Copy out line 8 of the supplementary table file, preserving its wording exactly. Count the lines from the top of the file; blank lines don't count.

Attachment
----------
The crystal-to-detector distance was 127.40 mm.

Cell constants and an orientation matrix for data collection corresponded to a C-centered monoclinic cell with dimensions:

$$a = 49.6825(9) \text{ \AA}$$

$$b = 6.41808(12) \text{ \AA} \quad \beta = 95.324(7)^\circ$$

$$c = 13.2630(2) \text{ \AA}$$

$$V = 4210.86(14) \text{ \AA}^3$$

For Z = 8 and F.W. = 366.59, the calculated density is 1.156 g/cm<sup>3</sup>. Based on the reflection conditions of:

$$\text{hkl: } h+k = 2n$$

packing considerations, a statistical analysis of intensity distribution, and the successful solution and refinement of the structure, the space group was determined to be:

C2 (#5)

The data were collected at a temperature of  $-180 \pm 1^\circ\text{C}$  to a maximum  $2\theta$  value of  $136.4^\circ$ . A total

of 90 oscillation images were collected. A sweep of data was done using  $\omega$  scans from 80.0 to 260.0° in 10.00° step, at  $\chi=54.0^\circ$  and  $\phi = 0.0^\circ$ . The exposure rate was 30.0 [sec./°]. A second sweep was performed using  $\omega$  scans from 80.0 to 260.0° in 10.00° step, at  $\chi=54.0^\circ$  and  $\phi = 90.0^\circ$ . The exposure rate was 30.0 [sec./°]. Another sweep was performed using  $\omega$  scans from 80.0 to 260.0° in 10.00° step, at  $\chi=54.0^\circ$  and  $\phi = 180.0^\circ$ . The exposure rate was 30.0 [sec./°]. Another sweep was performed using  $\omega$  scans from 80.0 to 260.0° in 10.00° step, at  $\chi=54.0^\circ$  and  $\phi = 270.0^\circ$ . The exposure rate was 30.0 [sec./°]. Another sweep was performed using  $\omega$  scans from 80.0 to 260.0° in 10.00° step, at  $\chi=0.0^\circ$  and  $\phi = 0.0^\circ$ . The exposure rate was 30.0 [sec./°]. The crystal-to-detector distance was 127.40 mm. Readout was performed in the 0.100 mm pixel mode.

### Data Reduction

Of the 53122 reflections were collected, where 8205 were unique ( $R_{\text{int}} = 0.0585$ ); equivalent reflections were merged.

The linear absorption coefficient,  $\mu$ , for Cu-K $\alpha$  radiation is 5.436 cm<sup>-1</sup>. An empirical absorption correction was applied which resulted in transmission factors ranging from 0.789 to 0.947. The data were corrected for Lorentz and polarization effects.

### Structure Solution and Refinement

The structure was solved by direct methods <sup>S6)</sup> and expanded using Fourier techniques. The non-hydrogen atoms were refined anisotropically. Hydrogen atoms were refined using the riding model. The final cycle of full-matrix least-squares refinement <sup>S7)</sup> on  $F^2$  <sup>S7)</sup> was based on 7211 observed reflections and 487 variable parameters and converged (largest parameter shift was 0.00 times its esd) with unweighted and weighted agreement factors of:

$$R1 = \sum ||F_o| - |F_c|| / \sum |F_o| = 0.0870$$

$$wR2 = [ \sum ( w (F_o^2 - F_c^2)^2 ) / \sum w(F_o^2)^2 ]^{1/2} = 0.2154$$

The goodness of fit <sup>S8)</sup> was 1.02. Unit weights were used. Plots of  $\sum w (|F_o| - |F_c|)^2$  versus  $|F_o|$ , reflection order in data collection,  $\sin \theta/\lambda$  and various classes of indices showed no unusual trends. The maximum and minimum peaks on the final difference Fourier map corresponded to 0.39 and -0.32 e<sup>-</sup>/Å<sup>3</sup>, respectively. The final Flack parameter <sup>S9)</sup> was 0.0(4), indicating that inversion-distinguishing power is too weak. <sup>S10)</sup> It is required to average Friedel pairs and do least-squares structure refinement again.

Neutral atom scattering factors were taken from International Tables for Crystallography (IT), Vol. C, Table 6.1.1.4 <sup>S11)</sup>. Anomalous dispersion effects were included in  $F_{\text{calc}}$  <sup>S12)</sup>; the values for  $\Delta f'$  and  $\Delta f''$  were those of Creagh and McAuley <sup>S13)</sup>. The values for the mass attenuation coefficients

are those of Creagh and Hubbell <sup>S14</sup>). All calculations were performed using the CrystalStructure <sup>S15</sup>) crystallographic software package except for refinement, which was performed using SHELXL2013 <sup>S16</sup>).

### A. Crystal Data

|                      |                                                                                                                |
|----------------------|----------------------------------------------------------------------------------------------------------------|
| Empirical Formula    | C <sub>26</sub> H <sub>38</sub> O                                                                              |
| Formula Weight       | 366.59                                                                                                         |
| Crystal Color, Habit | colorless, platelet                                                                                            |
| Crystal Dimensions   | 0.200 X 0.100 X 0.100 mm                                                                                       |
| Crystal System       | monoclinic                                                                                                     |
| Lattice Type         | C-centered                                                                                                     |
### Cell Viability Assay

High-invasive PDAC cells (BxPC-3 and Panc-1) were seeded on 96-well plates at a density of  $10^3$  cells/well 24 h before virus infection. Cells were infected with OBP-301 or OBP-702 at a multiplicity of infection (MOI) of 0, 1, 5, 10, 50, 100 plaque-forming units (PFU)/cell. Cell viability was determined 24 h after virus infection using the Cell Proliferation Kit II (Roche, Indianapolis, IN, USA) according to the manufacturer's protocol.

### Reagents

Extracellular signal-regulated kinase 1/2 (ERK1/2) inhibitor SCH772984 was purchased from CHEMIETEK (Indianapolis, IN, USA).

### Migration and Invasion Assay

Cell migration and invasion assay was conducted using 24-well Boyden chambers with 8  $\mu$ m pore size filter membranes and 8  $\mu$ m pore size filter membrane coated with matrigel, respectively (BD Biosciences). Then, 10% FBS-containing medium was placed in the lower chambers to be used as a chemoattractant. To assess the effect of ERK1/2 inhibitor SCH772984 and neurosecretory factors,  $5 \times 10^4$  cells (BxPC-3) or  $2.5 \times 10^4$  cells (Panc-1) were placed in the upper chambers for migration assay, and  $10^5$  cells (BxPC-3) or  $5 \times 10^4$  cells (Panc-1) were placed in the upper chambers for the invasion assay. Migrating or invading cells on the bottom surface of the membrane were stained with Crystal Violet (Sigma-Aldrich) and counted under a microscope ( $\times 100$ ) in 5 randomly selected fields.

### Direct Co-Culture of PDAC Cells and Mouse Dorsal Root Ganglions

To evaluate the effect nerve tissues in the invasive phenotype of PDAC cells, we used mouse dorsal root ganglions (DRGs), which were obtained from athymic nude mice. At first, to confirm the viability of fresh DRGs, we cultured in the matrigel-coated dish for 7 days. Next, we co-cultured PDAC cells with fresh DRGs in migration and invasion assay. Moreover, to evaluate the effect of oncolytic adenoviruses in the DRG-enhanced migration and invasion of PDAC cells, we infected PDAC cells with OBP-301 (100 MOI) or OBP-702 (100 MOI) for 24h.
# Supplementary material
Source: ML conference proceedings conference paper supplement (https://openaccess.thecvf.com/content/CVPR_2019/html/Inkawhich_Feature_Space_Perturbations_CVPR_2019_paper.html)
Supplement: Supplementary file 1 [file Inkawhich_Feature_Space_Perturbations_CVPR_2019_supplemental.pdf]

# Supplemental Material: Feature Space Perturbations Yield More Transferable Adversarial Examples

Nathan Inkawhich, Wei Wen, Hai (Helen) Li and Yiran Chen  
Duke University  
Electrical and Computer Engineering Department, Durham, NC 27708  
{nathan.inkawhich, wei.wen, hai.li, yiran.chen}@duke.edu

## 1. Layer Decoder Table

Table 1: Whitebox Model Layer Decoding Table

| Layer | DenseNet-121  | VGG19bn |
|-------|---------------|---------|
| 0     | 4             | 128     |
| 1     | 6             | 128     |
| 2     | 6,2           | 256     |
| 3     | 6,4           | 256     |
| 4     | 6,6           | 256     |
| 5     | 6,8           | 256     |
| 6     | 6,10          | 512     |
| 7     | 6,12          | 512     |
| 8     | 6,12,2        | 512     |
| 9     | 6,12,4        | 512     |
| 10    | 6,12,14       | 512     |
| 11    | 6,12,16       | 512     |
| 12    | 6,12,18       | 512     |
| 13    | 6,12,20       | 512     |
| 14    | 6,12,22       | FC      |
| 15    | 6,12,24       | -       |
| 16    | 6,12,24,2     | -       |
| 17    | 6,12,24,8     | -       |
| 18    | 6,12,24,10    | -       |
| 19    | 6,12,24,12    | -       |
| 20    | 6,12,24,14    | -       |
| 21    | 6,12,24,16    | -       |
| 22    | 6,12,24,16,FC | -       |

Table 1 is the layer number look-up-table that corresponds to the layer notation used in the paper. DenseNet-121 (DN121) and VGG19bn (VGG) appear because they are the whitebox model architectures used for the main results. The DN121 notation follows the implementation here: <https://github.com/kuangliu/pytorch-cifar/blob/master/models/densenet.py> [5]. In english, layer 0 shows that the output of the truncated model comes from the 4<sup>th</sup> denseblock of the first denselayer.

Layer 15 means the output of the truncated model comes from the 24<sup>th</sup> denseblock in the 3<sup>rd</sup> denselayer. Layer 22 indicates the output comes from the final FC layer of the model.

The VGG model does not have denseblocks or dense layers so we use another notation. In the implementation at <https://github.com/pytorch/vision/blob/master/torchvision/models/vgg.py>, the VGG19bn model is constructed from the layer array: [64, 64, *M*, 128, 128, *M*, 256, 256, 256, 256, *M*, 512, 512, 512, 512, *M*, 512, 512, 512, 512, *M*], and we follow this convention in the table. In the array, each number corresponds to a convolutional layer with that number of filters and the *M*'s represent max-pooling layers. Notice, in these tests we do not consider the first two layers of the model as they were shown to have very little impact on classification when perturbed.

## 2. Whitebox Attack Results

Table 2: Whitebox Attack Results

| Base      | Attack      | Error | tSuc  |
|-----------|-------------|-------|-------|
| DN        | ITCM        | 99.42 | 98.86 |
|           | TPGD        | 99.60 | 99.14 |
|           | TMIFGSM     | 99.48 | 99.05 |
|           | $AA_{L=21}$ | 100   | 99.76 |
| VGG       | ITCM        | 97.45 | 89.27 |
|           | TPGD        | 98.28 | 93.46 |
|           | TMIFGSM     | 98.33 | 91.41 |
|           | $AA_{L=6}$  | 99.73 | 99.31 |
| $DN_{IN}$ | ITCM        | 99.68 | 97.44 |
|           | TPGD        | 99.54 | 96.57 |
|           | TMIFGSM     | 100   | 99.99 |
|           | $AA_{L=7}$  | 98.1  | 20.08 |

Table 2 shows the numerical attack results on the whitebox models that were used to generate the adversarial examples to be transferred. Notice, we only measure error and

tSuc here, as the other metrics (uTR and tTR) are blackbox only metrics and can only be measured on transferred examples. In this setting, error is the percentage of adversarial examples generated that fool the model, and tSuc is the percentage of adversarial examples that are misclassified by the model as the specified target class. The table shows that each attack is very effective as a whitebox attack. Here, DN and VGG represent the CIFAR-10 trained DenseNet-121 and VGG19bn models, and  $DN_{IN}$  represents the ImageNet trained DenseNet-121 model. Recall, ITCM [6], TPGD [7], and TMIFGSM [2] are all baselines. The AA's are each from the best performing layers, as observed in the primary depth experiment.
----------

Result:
$$\text{hkl: } h+k = 2n$$